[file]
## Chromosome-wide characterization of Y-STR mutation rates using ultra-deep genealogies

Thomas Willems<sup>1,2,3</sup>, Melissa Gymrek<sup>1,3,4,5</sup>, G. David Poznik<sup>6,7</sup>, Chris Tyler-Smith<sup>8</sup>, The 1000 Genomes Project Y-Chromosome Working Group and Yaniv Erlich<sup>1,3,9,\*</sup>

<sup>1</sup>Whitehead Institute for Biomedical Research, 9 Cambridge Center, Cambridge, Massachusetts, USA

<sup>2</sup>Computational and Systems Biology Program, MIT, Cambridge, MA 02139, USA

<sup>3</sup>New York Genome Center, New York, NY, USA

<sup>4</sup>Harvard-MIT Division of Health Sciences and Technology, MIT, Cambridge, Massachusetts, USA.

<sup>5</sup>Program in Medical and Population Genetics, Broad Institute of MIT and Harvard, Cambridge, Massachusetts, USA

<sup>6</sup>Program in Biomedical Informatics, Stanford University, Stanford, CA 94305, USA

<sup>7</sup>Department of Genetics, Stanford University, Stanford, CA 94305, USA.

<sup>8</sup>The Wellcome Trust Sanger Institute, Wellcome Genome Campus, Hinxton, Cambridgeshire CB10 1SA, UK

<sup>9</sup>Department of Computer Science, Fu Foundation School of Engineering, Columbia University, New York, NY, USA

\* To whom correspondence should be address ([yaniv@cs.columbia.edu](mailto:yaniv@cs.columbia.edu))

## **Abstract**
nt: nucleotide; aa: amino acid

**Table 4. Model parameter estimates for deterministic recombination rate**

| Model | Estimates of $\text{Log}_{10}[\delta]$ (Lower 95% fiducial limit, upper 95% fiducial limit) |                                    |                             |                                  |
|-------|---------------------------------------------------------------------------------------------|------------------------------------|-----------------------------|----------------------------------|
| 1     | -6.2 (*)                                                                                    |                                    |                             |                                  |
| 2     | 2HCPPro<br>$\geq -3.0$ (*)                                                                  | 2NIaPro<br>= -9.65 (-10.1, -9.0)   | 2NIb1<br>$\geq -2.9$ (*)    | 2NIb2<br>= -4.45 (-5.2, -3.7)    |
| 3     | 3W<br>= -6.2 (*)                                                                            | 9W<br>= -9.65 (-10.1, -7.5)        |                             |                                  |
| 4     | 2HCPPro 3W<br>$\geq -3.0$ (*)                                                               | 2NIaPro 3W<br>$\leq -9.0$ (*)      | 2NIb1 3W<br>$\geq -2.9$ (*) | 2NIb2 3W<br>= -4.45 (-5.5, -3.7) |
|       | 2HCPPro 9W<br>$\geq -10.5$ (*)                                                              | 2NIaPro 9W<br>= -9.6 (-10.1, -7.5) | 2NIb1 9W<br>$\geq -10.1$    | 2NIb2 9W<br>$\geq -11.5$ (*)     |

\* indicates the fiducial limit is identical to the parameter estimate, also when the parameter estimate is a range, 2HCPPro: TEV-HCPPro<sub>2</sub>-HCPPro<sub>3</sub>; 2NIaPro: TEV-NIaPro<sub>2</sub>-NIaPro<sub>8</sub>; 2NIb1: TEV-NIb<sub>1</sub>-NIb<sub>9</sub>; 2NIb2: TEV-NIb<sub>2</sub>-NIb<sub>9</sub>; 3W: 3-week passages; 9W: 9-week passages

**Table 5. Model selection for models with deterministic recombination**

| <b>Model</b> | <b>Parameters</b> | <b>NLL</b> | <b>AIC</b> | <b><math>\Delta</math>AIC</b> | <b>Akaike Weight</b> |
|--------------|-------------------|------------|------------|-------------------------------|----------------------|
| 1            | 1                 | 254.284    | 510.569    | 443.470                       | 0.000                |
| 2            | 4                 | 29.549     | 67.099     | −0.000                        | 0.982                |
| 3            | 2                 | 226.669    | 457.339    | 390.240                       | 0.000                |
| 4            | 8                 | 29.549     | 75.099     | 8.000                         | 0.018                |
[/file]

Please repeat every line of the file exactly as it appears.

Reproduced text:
## Chromosome-wide characterization of Y-STR mutation rates using ultra-deep genealogies

Thomas Willems<sup>1,2,3</sup>, Melissa Gymrek<sup>1,3,4,5</sup>, G. David Poznik<sup>6,7</sup>, Chris Tyler-Smith<sup>8</sup>, The 1000 Genomes Project Y-Chromosome Working Group and Yaniv Erlich<sup>1,3,9,\*</sup>

<sup>1</sup>Whitehead Institute for Biomedical Research, 9 Cambridge Center, Cambridge, Massachusetts, USA

<sup>2</sup>Computational and Systems Biology Program, MIT, Cambridge, MA 02139, USA

<sup>3</sup>New York Genome Center, New York, NY, USA

<sup>4</sup>Harvard-MIT Division of Health Sciences and Technology, MIT, Cambridge, Massachusetts, USA.

<sup>5</sup>Program in Medical and Population Genetics, Broad Institute of MIT and Harvard, Cambridge, Massachusetts, USA

<sup>6</sup>Program in Biomedical Informatics, Stanford University, Stanford, CA 94305, USA

<sup>7</sup>Department of Genetics, Stanford University, Stanford, CA 94305, USA.

<sup>8</sup>The Wellcome Trust Sanger Institute, Wellcome Genome Campus, Hinxton, Cambridgeshire CB10 1SA, UK

<sup>9</sup>Department of Computer Science, Fu Foundation School of Engineering, Columbia University, New York, NY, USA

\* To whom correspondence should be address ([yaniv@cs.columbia.edu](mailto:yaniv@cs.columbia.edu))

## **Abstract**
nt: nucleotide; aa: amino acid

**Table 4. Model parameter estimates for deterministic recombination rate**

| Model | Estimates of $\text{Log}_{10}[\delta]$ (Lower 95% fiducial limit, upper 95% fiducial limit) |                                    |                             |                                  |
|-------|---------------------------------------------------------------------------------------------|------------------------------------|-----------------------------|----------------------------------|
| 1     | -6.2 (*)                                                                                    |                                    |                             |                                  |
| 2     | 2HCPPro<br>$\geq -3.0$ (*)                                                                  | 2NIaPro<br>= -9.65 (-10.1, -9.0)   | 2NIb1<br>$\geq -2.9$ (*)    | 2NIb2<br>= -4.45 (-5.2, -3.7)    |
| 3     | 3W<br>= -6.2 (*)                                                                            | 9W<br>= -9.65 (-10.1, -7.5)        |                             |                                  |
| 4     | 2HCPPro 3W<br>$\geq -3.0$ (*)                                                               | 2NIaPro 3W<br>$\leq -9.0$ (*)      | 2NIb1 3W<br>$\geq -2.9$ (*) | 2NIb2 3W<br>= -4.45 (-5.5, -3.7) |
|       | 2HCPPro 9W<br>$\geq -10.5$ (*)                                                              | 2NIaPro 9W<br>= -9.6 (-10.1, -7.5) | 2NIb1 9W<br>$\geq -10.1$    | 2NIb2 9W<br>$\geq -11.5$ (*)     |

\* indicates the fiducial limit is identical to the parameter estimate, also when the parameter estimate is a range, 2HCPPro: TEV-HCPPro<sub>2</sub>-HCPPro<sub>3</sub>; 2NIaPro: TEV-NIaPro<sub>2</sub>-NIaPro<sub>8</sub>; 2NIb1: TEV-NIb<sub>1</sub>-NIb<sub>9</sub>; 2NIb2: TEV-NIb<sub>2</sub>-NIb<sub>9</sub>; 3W: 3-week passages; 9W: 9-week passages

**Table 5. Model selection for models with deterministic recombination**

| <b>Model</b> | <b>Parameters</b> | <b>NLL</b> | <b>AIC</b> | <b><math>\Delta</math>AIC</b> | <b>Akaike Weight</b> |
|--------------|-------------------|------------|------------|-------------------------------|----------------------|
| 1            | 1                 | 254.284    | 510.569    | 443.470                       | 0.000                |
| 2            | 4                 | 29.549     | 67.099     | −0.000                        | 0.982                |
| 3            | 2                 | 226.669    | 457.339    | 390.240                       | 0.000                |
| 4            | 8                 | 29.549     | 75.099     | 8.000                         | 0.018                |